Brown-Sequard Syndrome

Brown-Sequard syndrome is an uncommon or rare neurological syndrome that is caused by a spinal cord (spinalcord) or lesion. This syndrome is manifested by hemiparaplegia - weakness and paralysis on one side of the body, and hemianasthesia or sensation loss on the other side of the body. This syndrome is associated with the lateral part of the spinal cord (spinalcord) and since it affects less than 200,000 people in the United States, it has been termed as a "rare disease" by the Office of Rare Diseases at the National Institute of Health. The renowned Mauritian neurologist, Charles Edouard Brown Sequard, first described this syndrome in 1850 after observing spinal cord (spinalcord) or trauma among sugar cane farmers in Mauritius.


Brown-Sequard syndrome is diagnosed generally through the use of an MRI Scan. Since it consists of an incomplete lesion in the spinal cord (spinalcord), a clinical examination is conducted to reflect on the spinal cord's hemisection. The initial symptoms of motor paralysis on the same side as the lesion, and decreased pain and temperatures on the other side, have lead to a diagnosis of this unusual and rare syndrome.


There are some important symptoms that point towards the existence of the syndrome.

There are other similar symptoms such as loss of sense of touch and vibration on one side, and loss of sense of pain and temperature on the other side.


This rare spinal cord disorder is generally the result of a spinal cord injury where the cord has been hurt, but has not been severed completely. An injury to the spine near the neck or the back can lead to this disorder, and so will a puncture wound in the spine. It can also be caused by a spinal cord tumor; the obstruction of a blood vessel known as ischemia; occasionally from inflammatory diseases such as multiple sclerosis and tuberculosis. Other non-traumatic causes could be:


The SCI survey and database has shown that 63 % of this syndrome has occurred in white or the Caucasian population since 2000, 11.8 % in Hispanics, 22.7 % in African Americans, and the rest in other racial and ethnic groups. Demographic data has also shown that more men have the syndrome, though this may be due to a greater spinal cord injury and may not reflect the non-traumatic causes. A spinal cord injury occurs mainly among people between the ages of 16-30, but the average age has been increasing over the years. Today, the average age of individuals with the Brown-Sequard syndrome is 40 years.


It has been seen that the chances of significant motor recovery among those who suffer from this syndrome are good. Following the injury, one half to two thirds of the motor recovery happens within the first two months. Post that, the speed of the recovery slows down and it continues till the second year. The general pattern of recovery is as follows:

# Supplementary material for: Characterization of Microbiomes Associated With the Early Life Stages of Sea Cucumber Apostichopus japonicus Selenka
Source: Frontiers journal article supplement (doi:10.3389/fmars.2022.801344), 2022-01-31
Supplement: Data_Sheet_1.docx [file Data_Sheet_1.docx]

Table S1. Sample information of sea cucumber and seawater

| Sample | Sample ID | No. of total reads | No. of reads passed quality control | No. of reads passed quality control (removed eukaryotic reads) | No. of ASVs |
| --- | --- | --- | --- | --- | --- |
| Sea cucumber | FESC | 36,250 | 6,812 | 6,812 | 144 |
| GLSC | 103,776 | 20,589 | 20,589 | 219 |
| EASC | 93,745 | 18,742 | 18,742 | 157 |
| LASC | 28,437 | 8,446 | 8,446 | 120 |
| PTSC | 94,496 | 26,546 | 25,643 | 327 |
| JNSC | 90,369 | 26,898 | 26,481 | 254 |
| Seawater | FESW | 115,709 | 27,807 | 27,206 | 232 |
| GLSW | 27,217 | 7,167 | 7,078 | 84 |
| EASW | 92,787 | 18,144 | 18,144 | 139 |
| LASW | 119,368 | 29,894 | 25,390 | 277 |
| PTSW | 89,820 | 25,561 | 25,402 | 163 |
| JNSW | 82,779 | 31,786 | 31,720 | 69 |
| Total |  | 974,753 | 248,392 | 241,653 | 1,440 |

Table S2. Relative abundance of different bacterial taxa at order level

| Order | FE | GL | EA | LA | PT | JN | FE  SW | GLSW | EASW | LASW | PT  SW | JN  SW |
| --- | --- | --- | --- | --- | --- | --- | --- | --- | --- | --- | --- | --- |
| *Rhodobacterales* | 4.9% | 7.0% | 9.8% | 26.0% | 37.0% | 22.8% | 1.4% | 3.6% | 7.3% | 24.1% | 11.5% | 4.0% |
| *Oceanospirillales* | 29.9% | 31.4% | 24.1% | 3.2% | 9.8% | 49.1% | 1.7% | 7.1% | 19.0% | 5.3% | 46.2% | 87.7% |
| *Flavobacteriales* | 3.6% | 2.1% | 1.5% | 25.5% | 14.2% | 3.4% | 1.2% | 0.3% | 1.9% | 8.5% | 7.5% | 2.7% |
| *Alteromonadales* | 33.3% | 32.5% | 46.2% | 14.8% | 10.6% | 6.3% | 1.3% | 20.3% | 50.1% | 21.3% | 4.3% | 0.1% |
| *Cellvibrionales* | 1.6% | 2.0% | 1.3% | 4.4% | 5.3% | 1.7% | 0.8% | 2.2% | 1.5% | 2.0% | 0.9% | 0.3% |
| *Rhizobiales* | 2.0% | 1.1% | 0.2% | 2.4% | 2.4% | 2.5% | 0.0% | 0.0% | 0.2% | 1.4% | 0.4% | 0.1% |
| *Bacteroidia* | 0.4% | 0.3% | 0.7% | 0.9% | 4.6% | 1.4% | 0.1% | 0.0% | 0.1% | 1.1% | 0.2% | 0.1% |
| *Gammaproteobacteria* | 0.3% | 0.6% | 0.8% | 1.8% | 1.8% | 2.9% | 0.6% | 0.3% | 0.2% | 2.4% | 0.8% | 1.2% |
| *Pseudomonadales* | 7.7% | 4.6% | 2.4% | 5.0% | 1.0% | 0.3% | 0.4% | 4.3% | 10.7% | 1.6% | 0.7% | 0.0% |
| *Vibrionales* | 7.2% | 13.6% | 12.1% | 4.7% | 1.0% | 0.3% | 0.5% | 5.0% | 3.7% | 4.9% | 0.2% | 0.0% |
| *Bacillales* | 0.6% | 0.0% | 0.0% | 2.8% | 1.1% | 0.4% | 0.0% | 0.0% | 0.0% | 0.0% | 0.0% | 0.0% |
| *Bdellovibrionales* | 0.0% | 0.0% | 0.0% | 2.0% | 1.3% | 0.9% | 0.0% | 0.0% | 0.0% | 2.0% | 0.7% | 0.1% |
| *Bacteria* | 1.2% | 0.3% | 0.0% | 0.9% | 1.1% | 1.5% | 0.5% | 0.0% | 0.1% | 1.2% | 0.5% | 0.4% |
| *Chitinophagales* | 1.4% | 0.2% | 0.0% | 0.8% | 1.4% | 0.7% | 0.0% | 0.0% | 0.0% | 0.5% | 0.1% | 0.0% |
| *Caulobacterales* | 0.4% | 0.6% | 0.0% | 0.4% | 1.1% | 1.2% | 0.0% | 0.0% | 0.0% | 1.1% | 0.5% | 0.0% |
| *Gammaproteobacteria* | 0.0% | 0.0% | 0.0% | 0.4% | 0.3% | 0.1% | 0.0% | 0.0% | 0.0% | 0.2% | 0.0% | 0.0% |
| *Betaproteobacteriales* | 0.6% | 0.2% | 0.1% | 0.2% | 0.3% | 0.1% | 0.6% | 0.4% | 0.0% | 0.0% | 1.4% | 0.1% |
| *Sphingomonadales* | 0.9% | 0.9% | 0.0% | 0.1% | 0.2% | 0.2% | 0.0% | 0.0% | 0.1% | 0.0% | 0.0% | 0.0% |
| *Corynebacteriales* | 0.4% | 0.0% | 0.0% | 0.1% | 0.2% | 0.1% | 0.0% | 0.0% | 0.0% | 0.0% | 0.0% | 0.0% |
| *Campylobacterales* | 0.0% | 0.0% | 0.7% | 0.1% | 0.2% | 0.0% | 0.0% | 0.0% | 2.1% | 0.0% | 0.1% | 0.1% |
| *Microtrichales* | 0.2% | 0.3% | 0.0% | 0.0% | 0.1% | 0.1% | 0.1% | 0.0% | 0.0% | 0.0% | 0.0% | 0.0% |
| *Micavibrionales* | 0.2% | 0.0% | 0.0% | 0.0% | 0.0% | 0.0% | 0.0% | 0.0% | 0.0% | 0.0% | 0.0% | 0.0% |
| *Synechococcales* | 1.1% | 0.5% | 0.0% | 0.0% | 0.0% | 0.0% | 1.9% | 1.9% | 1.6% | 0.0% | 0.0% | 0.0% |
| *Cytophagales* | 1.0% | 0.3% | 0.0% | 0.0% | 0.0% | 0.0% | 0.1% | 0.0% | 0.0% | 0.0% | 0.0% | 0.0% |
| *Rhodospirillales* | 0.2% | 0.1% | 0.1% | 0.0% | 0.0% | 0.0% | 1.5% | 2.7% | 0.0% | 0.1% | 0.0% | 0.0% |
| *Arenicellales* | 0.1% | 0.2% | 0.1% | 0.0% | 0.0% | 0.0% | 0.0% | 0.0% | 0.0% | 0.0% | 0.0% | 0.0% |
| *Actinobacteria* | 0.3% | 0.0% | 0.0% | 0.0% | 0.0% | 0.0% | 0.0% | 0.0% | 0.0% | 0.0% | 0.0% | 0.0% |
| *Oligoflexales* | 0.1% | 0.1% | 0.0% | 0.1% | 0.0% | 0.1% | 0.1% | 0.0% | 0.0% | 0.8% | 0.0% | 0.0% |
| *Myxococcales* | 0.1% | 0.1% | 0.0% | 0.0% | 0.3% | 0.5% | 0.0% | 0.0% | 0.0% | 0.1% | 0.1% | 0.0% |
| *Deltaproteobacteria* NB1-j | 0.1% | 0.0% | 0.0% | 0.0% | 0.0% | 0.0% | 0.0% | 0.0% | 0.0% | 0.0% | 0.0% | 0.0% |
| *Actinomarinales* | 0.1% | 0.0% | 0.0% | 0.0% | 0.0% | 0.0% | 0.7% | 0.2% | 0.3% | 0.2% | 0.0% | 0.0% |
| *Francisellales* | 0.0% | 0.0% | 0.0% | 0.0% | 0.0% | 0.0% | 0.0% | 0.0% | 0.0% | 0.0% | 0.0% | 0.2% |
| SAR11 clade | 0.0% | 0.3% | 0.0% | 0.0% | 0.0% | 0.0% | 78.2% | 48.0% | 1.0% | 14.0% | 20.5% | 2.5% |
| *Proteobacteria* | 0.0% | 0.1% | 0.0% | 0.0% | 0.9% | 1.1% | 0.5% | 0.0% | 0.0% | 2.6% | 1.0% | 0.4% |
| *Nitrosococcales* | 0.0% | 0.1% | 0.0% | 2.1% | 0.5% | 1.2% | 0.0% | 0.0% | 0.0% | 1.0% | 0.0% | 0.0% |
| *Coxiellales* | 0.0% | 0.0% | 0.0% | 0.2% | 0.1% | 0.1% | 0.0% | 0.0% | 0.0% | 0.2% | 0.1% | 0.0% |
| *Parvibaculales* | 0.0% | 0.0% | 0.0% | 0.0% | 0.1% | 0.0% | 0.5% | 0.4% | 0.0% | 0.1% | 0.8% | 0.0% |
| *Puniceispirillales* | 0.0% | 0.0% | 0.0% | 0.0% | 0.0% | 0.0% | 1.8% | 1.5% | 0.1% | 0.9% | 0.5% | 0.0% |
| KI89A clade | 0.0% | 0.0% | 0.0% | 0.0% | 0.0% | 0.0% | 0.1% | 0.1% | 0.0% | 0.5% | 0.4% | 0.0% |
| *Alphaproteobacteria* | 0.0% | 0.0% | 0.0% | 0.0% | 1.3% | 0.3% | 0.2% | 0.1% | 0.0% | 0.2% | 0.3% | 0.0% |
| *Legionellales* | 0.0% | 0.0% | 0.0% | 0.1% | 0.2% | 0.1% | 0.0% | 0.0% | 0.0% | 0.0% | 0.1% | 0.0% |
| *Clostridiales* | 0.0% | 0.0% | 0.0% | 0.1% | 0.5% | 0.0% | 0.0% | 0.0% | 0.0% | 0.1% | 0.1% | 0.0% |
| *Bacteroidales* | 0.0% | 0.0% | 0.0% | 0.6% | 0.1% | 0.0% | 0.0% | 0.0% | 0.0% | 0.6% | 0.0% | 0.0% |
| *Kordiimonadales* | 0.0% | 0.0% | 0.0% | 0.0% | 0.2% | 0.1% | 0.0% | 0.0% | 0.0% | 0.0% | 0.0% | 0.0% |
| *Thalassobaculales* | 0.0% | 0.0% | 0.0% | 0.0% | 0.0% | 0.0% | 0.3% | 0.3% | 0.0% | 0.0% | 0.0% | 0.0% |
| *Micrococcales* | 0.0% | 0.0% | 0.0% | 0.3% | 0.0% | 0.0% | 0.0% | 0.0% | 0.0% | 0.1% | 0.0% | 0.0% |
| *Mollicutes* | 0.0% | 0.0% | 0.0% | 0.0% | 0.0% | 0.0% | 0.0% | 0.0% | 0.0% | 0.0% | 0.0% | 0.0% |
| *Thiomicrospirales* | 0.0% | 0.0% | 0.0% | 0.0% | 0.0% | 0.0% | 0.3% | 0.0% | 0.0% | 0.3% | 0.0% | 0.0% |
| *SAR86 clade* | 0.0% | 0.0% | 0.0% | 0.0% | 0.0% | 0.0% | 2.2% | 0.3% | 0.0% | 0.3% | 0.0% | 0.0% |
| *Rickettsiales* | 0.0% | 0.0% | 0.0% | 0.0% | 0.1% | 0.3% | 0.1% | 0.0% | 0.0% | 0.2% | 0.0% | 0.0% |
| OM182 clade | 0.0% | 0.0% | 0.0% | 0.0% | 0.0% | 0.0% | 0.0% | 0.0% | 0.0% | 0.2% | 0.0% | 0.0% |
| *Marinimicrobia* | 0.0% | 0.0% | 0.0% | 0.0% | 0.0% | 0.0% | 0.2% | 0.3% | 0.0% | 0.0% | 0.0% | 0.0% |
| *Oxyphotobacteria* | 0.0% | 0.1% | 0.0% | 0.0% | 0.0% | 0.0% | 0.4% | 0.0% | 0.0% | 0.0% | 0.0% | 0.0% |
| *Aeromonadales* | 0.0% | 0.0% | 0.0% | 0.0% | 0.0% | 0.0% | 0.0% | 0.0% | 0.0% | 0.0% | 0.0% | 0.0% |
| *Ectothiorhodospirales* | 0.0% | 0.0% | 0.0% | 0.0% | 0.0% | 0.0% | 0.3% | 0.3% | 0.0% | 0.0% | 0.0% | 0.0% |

A lot depends on the completeness of the lesion. Younger patients have a greater chance of better recovery if the cervical cord lesion is not complete, as in the case of a Brown-Sequard syndrome.


As in any disease, the treatment is based upon the causes of the trauma or the reasons behind the paralysis. If it is due to a gunshot injury or any other injury to the spine, then the next step would be to deal with other aspects of the injury, such as bleeding and organ damage. If there is a spinal fracture, then that must be treated on an emergency basis, and the Brown-Sequard syndrome will be dealt with later. In this case, immobilisation of the patient is of extreme importance. Medication of the syndrome is generally in the form of steroids, which are used to decrease the inflammation. There are different types of therapies that are useful in treating this syndrome. These are occupational, recreational, physical and surgical therapy. Early treatment always results in a good prognosis, though in some cases where the motor injury is severe, the chances of a full recovery or a return to normal life are not so great.


There are some complications that follow the occurrence of the syndrome. These may be the results of the trauma or could be a part of the overall problems in the body. The complications that could result due to the Brown-Sequard syndrome are:

It is important to undergo as many tests as possible before reaching the syndrome diagnosis stage. There have been many cases of misdiagnosis, since the symptoms may be similar to B12 deficiency or multiple sclerosis. MRI's, CT Scans, motor examination of the muscles, lumbar punctures, especially for those suffering from tuberculosis, and laboratory tests help determine the extent, if any, of the infectious diseases.